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- Unclassified, Unlimited, Publicly available.
- Nearly three years of Tropical Rainfall Measuring Mission Satellite (TRMM Satellite) monthly estimates of tropical surface rainfall are analyzed to document and understand the differences among the TRMM-based estimates and how these differences relate to the pre-TRMM estimates and current operational analyses. Variation among the TRMM estimates is shown to be considerably smaller than among a pre-TRMM collection of passive microwave-based products. Use of both passive and active microwave techniques in TRMM should lead to increased confidence in converged estimates. Current TRMM estimates are shown to have a range of about 20% for the tropical ocean as a whole, with variations in heavily raining ocean areas of the ITCZ and SPCZ having differences over 30%. In mid-latitude ocean areas the differences are smaller. Over land there is a distinct difference between the tropics and mid-latitude with a reversal between some of the products as to which tends to be relatively high or low. Comparisons of TRMM estimates with ocean atoll and land gauge information point to products that might have significant regional biases. The radar-based product is significantly low biased compared with atoll raingauge data, while the passive microwave product is significantly high compared to raingauge data in the deep tropics. The evolution of rainfall patterns during the recent change from intense El Nino to a long period of La Nina and then a gradual return to near neutral conditions is described using TRMM. The time history of integrated rainfall over the tropical oceans (and land) during this period differs among the passive and active microwave TRMM estimates.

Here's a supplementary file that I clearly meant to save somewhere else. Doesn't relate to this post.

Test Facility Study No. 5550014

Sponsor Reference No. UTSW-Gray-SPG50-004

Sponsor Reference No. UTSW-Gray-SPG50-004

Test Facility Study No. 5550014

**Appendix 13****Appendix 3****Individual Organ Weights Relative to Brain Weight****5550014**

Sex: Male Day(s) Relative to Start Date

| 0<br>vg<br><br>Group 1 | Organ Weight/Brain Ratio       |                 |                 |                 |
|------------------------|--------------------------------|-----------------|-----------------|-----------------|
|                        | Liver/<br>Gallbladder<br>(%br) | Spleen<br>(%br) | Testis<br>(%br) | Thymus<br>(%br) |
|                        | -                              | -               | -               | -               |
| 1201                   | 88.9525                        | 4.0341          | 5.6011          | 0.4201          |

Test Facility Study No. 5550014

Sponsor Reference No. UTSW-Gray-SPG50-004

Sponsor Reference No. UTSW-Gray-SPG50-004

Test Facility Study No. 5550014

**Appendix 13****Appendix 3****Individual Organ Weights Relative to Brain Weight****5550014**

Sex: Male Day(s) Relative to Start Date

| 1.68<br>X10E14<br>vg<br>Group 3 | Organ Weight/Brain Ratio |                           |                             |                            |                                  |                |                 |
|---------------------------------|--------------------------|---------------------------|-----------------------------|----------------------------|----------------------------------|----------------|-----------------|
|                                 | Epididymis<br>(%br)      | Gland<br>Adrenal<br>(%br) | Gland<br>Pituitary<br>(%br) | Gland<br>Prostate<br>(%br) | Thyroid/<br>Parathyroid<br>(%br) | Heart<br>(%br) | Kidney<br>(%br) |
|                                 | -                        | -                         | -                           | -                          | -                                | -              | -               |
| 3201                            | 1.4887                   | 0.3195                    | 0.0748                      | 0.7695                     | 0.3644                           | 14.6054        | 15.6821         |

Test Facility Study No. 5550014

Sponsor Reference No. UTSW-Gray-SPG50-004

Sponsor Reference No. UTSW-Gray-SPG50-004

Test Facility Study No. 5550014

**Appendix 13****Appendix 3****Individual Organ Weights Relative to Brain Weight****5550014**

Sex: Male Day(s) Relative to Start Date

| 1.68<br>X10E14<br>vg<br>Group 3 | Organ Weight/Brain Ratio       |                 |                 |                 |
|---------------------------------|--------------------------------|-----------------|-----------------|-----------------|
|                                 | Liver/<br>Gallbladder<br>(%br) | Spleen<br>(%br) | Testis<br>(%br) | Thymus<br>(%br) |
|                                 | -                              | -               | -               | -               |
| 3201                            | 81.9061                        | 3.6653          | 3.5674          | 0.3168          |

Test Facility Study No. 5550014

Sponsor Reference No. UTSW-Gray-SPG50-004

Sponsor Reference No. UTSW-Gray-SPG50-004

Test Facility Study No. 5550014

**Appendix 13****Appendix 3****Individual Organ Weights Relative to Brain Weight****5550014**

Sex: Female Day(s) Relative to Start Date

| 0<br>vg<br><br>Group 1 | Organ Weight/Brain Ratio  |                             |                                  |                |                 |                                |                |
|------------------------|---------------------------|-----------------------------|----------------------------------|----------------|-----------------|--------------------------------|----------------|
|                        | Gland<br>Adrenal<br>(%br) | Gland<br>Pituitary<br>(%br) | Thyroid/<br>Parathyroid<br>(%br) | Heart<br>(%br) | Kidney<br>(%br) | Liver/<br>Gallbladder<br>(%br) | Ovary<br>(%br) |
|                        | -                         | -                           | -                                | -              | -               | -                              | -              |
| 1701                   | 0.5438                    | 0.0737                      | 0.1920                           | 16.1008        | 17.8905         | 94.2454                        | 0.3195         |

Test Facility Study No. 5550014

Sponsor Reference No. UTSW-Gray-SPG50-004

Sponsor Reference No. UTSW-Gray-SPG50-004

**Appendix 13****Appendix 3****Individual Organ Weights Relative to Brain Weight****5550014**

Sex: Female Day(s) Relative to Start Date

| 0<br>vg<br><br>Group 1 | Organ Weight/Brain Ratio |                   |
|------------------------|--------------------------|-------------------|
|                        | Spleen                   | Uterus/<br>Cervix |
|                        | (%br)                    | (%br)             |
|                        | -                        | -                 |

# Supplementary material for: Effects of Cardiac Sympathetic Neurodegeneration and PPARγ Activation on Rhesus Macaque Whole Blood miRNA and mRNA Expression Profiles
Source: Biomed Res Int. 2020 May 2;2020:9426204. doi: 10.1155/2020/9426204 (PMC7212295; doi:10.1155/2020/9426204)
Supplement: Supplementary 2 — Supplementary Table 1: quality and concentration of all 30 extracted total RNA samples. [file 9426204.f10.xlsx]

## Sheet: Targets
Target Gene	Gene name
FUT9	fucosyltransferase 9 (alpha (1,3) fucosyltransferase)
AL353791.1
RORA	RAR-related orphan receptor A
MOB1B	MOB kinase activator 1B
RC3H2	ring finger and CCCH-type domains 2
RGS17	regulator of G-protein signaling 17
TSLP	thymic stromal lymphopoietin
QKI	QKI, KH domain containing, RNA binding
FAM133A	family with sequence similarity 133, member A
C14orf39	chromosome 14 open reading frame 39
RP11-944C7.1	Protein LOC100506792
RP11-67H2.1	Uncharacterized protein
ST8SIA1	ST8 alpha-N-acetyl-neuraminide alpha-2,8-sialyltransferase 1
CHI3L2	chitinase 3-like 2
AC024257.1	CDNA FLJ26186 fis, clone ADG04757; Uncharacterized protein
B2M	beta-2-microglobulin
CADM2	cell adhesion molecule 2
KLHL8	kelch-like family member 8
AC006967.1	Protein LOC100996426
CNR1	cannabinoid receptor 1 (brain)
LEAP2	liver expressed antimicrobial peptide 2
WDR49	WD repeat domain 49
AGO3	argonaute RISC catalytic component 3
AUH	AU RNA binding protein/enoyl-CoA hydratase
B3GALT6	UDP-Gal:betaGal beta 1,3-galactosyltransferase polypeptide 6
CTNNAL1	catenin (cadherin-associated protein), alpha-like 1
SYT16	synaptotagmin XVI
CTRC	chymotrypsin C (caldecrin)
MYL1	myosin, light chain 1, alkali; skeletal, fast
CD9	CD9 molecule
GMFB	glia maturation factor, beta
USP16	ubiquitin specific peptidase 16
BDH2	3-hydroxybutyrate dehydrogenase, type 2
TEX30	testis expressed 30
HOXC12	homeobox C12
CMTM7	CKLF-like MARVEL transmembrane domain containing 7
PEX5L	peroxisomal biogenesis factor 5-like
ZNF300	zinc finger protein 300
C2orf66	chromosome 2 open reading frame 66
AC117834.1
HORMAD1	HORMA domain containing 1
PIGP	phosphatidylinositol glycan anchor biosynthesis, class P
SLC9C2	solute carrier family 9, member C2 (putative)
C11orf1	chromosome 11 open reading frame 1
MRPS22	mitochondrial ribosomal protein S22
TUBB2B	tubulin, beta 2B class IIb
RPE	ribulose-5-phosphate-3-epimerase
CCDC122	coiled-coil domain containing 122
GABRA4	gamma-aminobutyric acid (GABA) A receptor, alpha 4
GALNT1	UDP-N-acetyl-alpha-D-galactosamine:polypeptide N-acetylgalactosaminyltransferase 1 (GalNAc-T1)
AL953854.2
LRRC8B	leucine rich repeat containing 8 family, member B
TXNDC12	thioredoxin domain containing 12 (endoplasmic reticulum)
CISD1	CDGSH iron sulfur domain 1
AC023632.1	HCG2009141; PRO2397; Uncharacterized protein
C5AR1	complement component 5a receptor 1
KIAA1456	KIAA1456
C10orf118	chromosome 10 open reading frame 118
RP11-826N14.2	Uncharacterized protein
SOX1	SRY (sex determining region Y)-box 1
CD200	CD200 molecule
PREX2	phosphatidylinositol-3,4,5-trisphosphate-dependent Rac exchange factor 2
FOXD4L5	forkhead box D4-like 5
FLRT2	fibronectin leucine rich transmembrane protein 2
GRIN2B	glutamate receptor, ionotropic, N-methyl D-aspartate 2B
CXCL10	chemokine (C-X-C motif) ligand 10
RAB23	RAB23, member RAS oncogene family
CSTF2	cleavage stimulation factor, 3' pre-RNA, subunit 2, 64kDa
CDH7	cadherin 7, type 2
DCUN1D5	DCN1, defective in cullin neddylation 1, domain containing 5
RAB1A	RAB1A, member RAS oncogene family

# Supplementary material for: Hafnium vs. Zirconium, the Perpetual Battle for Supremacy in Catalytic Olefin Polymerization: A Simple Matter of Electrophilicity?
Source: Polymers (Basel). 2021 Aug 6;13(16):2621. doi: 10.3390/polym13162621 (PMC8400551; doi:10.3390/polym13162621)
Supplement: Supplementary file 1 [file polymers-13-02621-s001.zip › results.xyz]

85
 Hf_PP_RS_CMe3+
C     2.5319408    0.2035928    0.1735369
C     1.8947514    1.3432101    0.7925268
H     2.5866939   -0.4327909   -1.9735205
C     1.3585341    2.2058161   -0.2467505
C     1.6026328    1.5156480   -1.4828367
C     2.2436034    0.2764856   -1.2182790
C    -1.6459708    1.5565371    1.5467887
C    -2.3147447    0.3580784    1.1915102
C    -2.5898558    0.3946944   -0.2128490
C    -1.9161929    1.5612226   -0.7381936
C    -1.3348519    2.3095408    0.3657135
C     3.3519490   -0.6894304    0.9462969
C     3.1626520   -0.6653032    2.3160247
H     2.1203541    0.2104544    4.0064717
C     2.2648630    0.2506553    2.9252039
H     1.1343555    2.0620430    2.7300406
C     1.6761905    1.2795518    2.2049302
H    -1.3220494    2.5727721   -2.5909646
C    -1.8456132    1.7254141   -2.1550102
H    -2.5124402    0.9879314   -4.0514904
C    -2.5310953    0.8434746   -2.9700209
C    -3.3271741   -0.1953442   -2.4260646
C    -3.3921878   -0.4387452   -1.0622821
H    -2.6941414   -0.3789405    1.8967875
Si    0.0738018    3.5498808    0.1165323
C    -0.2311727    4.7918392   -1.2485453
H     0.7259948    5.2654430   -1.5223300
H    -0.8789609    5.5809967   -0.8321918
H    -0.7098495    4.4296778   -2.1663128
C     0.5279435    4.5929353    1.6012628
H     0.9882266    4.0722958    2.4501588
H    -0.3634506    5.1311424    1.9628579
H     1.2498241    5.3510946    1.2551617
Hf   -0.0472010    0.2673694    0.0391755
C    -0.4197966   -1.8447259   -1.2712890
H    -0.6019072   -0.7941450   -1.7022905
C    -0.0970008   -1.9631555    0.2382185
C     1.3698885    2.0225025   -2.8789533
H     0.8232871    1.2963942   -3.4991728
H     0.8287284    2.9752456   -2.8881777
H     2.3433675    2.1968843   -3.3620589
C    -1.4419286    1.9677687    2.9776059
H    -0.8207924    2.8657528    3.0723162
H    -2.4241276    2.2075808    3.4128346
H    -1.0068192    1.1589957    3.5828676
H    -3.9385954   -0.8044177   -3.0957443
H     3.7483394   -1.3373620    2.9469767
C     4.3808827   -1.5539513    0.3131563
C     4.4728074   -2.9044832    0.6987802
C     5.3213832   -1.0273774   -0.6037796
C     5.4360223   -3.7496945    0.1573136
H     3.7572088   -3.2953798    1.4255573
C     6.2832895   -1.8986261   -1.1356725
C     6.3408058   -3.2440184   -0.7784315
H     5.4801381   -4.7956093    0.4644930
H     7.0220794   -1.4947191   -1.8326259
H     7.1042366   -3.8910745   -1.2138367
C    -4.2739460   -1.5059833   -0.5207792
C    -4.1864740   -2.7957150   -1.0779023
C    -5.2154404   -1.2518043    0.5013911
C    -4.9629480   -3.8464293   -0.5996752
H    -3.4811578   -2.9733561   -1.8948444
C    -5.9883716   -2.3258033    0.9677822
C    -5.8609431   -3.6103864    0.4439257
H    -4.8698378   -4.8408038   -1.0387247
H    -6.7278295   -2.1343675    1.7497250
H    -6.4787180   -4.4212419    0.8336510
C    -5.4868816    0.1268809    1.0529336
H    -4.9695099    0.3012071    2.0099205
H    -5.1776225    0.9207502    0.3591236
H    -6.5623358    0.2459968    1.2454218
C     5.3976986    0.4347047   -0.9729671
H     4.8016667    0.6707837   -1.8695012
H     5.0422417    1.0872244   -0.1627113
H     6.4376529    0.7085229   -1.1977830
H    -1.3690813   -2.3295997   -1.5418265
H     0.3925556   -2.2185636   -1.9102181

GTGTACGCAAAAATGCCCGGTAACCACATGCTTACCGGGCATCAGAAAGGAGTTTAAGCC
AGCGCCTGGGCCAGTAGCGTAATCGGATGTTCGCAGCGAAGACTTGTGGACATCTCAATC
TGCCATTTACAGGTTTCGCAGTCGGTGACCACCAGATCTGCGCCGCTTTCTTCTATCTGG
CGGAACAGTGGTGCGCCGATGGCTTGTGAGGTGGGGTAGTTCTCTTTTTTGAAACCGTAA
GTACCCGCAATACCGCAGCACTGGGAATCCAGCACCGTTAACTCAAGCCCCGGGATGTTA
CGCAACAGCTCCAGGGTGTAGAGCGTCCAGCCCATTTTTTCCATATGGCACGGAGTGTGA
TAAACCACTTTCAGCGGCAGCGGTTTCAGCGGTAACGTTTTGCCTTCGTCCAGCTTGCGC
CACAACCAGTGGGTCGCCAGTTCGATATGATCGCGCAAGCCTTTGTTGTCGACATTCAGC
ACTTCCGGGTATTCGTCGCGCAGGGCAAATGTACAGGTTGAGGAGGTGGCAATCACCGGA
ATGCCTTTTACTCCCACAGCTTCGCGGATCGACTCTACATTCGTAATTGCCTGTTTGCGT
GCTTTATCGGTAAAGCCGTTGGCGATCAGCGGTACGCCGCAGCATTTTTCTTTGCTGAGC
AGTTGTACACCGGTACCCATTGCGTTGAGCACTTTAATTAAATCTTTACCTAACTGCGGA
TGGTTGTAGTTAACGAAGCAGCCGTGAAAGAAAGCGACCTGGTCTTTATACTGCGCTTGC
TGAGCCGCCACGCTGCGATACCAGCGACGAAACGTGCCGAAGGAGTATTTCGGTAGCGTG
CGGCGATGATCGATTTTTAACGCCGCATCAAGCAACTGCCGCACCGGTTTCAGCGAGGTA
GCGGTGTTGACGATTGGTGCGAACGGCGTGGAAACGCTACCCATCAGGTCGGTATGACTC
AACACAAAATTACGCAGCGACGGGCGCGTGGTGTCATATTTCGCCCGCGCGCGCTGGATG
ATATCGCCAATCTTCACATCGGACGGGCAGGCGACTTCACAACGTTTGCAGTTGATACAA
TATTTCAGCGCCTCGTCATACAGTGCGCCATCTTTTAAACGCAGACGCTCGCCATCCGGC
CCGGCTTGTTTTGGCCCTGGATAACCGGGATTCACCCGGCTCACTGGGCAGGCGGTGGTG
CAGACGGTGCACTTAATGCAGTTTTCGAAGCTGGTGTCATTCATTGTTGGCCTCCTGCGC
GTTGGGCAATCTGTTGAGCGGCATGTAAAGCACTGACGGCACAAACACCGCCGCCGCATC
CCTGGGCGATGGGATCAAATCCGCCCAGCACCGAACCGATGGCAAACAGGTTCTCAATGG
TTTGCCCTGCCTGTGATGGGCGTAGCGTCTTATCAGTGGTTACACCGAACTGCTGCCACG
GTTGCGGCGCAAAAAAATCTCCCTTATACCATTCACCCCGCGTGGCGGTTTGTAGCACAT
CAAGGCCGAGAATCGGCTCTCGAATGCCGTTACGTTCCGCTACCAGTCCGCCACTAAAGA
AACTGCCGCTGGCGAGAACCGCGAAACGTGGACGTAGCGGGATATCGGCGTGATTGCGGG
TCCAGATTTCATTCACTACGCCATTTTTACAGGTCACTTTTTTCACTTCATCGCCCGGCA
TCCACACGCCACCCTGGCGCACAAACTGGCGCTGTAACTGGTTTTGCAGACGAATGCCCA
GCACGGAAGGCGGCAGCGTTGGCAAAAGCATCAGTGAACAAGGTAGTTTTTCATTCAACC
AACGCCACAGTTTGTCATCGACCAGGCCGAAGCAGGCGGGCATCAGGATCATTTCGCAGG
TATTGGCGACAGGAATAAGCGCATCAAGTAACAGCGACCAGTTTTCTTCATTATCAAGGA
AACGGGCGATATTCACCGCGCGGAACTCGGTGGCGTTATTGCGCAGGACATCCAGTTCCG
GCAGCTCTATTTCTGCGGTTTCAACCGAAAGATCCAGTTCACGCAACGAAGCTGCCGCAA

- NASA Technical Reports Server (NTRS) Collection.
- Document ID: 20010026441.
Symposium on Cloud Systems, Hurricanes and TRMM; Unknown.
- No Copyright.
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